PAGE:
And so it begins....

Experiments #1 and #2: Cinnamon- and Apple-Infused Vodkas

What we used:

Vodka, Vladimir brand, 2 fifths
Pur filter, 1
Apple, Granny Smith, 1
Cinnamon, stick, 3

Before beginning the infusion, the vodka had to be filtered into something drinkable. For control purposes, we sampled the vodka in its unaltered form. Brendan volunteered to take the first sample.

As you can see, Vladimir (at $5.45 per 750mL) is about as vile as you can get without medical coverage.

After seeing Brendan's reaction, Wayland knew this was going to be an unpleasant experience, but he forged ahead anyway in the name of science.

Wayland, having spent part of his college career majoring in drinking Aristocrat, did not react as violently as Brendan, but you can still see the pain he is feeling.

Without further ado, the filtration process began. First, we primed the filter with several quarts of water. This clears the filter of any loose bits of carbon. Then we poured in the first bottle of vodka.

These filters work by carbon distillation, which is pretty much the same process that vodka manufacturers use. It takes several runs through the filter to fully transform a vodka this bad; we filtered ours five times. Take that, Mr. Triple-Distilled Smirnoff!

After the fifth run through the filter, we sampled the vodka again. The resulting product came out much smoother and cleaner. Wayland took the first sample this time:

Wayland appears satisfied. He may not be overjoyed, but hey, this is still straight vodka, people.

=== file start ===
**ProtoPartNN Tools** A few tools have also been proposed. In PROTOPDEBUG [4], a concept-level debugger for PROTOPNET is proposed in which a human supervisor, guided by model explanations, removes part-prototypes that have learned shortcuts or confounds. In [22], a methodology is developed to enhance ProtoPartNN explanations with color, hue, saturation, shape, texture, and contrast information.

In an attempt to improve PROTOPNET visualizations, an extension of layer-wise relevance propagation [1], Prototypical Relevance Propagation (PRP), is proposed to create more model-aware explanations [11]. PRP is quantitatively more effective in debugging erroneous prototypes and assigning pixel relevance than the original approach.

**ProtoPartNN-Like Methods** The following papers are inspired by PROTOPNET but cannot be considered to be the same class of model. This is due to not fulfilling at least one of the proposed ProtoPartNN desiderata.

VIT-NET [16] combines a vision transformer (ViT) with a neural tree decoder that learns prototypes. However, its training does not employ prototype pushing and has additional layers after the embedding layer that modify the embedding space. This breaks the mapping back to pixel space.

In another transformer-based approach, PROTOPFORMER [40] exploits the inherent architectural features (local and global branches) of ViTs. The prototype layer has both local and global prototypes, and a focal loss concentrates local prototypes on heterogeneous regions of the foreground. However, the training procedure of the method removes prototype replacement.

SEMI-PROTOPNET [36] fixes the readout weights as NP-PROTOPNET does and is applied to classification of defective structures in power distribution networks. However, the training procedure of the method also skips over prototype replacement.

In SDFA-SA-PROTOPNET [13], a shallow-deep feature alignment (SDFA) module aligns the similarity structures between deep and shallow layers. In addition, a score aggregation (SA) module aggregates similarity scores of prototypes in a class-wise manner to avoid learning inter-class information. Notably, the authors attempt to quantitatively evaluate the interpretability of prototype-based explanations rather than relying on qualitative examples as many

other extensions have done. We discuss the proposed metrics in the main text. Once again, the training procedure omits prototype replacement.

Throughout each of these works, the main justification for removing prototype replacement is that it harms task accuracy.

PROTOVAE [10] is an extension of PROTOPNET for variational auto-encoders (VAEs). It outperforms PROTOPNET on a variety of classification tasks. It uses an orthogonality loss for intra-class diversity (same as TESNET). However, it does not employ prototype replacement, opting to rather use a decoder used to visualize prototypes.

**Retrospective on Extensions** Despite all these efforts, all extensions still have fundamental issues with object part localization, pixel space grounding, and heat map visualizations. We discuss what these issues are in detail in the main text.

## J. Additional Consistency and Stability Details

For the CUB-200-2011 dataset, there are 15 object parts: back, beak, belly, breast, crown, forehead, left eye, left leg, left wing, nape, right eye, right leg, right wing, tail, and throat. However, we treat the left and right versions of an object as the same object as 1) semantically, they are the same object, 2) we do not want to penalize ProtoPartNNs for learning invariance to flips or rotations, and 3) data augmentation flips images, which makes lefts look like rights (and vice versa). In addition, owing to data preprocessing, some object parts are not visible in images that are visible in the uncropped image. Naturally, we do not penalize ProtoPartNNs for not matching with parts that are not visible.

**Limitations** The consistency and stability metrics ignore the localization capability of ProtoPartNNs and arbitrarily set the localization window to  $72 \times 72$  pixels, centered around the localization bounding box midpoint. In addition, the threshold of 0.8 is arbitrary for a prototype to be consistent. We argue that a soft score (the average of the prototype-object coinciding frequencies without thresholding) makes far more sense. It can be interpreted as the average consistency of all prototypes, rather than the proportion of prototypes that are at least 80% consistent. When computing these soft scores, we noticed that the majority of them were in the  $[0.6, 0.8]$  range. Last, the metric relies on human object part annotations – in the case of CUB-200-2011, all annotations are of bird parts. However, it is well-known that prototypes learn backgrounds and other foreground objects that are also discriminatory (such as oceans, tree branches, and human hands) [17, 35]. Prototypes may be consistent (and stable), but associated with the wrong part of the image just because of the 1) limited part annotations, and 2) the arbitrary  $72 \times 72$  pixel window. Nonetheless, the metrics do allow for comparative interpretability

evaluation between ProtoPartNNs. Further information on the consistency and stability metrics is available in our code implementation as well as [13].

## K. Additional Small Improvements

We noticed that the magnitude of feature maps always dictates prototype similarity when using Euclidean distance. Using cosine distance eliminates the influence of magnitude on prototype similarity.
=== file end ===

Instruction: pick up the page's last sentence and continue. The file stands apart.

A slight grimace from Brendan. This is high praise, considering vodka shots normally get at least a reflex head-shake from him.

Now that the first transformation is complete and meets with the mad scienticians' approval, we're ready to begin the second. Wayland places three cinnamon sticks in a glass jar and pours the vodka in over it.

Our research indicates that a sprinkling of sugar reduces the time for the infusion to set, so Wayland adds half a spoonful.

That's one down! The vodka filtration process is repeated with the second bottle, and we begin the apple infusion. Wayland slices a Granny Smith apple into wedges, and Brendan pours the vodka over the apples:

By the time the apple vodka is sealed, you can already see some coloration seeping from the cinnamon to the first batch of vodka.

Finally, both jars are placed in a dark cabinet in our lab. Research indicates that the cinnamon vodka will take two weeks to infuse; the apple vodka will begin to set within a week, but can be left to infuse for up to three weeks, depending on how strong we want the flavor. We'll sample it occasionally along the way and see what we can come up with.

We have a party planned for this Saturday, but unfortunately, neither will be ready. The apple vodka may be close; we may try the first sample then. We will also begin our next weekly experiment then. What will be the next featured flavor? We haven't decided yet!

Last, but not least, we prepare for the final touch. The empty bottles are soaked in warm water to remove the labels. When the vodkas are complete, they will return to the original bottles, free of the bottom-shelf stigma they once endured. In their place, we will be designing our own labels for our creations.